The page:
Central Bureau for Astronomical Telegrams

Central Bureau for Astronomical Telegrams -- Image credits

IAUC 6875: 1998aq; CM Dra

The following International Astronomical Union Circular may be linked-to from your own Web pages, but must not otherwise be redistributed (see these notes on the conditions under which circulars are made available on our WWW site).

Read IAUC 6874  SEARCH Read IAUC 6876

View IAUC 6875 in .dvi or .ps format.
IAUC number

                                                 Circular No. 6875
Central Bureau for Astronomical Telegrams
Mailstop 18, Smithsonian Astrophysical Observatory, Cambridge, MA 02138, U.S.A.
IAUSUBS@CFA.HARVARD.EDU or FAX 617-495-7231 (subscriptions)
URL http://cfa-www.harvard.edu/iau/cbat.html
Phone 617-495-7244/7440/7444 (for emergency use only)

SUPERNOVA 1998aq IN NGC 3982
     G. M. Hurst, Basingstoke, England, reports the discovery by
Mark Armstrong, Rolvenden, of an apparent supernova (mag 14.9) on
unfiltered CCD images obtained on Apr. 13.049, 13.080, and 13.109
UT with a 0.26-m reflector in the course of the U.K. Nova/Supernova
Patrol.  The new star is located at R.A. = 11h56m26s.00, Decl. =
+55o07'38".8 (equinox 2000.0).  R. Arbour, South Wonston, England,
confirmed the presence of the object on unfiltered CCD exposures
taken on Apr. 13.086 and 13.814 with a 0.30-m reflector, noting
that SN 1998aq is 18" west and 7" north of the center of NGC 3982
(Hurst estimated the star's magnitude as about 14.5 on the latter
exposure).  Earlier patrol photos by Armstrong from Mar. 9 and Apr.
7 did not show the object; it is also absent from the Vickers CCD
atlas, and there is no star to mag 19 in the USNO A1.0 catalogue.

     H.-J. Deeg, Instituto de Astrofisica de Canarias; L. R. Doyle
and J. M. Jenkins, SETI Institute; and E. L. Martin, University of
California, Berkeley, write:  "The results of Guinan et al. on IAUC
6864 are inconsistent with our observational data.  From 32 of our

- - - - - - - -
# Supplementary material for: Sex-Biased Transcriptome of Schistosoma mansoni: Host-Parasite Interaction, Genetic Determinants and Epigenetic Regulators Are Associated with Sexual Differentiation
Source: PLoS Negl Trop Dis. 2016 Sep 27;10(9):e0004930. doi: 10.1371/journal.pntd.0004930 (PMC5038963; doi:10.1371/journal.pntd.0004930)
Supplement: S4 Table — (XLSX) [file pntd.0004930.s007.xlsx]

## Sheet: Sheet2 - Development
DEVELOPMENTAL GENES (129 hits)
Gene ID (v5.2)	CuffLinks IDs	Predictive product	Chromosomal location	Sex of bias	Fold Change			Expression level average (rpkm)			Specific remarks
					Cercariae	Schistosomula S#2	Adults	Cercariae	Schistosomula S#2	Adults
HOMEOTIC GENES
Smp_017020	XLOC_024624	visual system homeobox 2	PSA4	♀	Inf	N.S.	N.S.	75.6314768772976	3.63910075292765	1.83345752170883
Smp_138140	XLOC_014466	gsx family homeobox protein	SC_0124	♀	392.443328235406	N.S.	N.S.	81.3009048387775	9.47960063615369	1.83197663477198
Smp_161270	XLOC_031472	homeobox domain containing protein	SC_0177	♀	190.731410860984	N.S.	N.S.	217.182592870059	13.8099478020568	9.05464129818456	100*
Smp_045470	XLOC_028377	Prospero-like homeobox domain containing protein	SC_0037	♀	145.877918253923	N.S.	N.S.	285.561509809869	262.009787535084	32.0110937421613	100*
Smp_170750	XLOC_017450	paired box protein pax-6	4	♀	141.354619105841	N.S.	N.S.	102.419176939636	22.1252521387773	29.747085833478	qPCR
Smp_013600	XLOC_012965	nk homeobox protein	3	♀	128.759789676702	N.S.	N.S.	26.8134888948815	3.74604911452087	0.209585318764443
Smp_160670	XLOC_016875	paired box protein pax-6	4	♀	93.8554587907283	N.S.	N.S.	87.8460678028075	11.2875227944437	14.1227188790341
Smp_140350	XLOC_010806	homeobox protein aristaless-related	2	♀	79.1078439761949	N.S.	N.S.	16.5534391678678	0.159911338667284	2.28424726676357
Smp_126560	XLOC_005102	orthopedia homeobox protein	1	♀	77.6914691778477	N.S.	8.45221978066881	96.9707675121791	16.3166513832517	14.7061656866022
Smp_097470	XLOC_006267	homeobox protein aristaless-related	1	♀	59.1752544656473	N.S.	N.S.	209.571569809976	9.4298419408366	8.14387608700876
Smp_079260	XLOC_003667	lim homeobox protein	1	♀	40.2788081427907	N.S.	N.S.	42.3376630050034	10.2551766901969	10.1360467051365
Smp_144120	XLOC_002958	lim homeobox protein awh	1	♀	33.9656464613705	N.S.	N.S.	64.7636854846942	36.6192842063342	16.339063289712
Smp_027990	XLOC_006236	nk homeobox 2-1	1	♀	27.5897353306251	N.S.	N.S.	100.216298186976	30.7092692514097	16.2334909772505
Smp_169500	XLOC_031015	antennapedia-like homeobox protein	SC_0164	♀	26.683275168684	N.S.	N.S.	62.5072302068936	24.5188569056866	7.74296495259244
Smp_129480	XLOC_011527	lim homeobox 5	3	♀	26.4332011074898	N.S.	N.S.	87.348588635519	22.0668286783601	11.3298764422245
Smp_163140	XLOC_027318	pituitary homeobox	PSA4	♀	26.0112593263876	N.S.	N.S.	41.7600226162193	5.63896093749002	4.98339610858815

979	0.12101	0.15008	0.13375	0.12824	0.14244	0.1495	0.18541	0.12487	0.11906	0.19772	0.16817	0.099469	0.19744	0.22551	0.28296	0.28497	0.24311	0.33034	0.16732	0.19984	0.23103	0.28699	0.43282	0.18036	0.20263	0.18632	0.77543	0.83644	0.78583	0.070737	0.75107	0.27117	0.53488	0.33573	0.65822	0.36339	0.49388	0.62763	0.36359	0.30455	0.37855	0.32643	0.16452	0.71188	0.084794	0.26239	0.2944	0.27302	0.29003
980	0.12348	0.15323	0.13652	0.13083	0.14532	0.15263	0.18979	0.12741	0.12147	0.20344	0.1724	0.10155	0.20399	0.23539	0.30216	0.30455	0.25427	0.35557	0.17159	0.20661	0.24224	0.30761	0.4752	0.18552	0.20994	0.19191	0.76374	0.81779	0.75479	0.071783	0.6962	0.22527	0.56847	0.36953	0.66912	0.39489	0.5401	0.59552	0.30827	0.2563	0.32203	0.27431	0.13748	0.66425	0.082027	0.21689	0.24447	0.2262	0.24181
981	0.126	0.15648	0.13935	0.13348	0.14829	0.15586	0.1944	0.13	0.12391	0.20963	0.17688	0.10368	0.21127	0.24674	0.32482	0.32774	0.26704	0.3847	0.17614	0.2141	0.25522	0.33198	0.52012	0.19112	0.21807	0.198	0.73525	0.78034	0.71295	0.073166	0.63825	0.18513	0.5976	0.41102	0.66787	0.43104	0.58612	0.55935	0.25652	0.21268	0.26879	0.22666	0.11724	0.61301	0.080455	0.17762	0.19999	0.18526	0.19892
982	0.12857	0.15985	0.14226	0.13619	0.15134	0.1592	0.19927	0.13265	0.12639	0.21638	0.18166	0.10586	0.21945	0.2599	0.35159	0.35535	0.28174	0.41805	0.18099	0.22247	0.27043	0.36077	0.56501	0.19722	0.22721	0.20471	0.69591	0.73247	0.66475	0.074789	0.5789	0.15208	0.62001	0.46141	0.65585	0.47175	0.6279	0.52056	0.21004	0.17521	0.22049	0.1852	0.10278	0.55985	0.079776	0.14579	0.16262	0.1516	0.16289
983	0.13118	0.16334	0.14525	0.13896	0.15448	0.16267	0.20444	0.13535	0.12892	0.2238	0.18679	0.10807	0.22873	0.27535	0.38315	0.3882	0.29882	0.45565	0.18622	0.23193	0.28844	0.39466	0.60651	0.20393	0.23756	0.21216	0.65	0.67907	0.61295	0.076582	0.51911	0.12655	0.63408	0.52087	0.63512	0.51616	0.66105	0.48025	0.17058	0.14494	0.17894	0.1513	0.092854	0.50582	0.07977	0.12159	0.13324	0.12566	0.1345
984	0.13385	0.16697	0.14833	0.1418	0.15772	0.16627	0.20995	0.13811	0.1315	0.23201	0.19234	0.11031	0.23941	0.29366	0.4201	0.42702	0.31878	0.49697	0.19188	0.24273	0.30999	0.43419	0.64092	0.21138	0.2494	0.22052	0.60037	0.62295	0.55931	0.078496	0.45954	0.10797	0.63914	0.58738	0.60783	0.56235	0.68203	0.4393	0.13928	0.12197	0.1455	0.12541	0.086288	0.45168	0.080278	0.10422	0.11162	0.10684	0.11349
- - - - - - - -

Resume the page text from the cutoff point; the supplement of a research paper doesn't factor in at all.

eclipse-minima timings obtained between May 1994 and Oct. 1996, we
obtained residuals from the expected O-C values measured to better
than 5.5 s; these O-C values were calculated from new epoch and
period values for the CM Dra system (Deeg et al. 1998, submitted to
A.Ap.).  We find no evidence of significant periodic variations in
the O-Cs, either at a period of 70.3 days or any other periods less
than a limiting value of about 3 yr (this maximum given by the
length of our observational coverage); the standard deviation of
our O-C values is 7.4 s, which makes any sinusoidal signal in the
eclipse-minima times with amplitudes of > 10.5 s extremely unlikely
(and amplitudes as high as 18 s certainly recognizable).  We also
report that the possible planetary transit eclipse of 0.08 mag
reported on IAUC 6425 was an artifact produced by a dust speck in
that night's CCD frames; there are no indications in our database
from 1994 to 1996 (617 hr) of any planetary transits with
amplitudes larger than 0.01 mag.  Our present phase coverage for
the detection of coplanar planets around CM Dra ranges from 92
percent for 10-day periods to 64 percent for 30-day periods.
From a work in progress (Doyle et al.), we can presently rule out
coplanar planets in this data set around CM Dra larger than 3.0
earth radii with orbital periods of less than about 30 days at a
confidence level of 90 percent."

                      (C) Copyright 1998 CBAT
1998 April 14                  (6875)            Daniel W. E. Green

Read IAUC 6874  SEARCH Read IAUC 6876

View IAUC 6875 in .dvi or .ps format.

Our Web policy. Index to the CBAT/MPC/ICQ pages.

Valid HTML 4.01!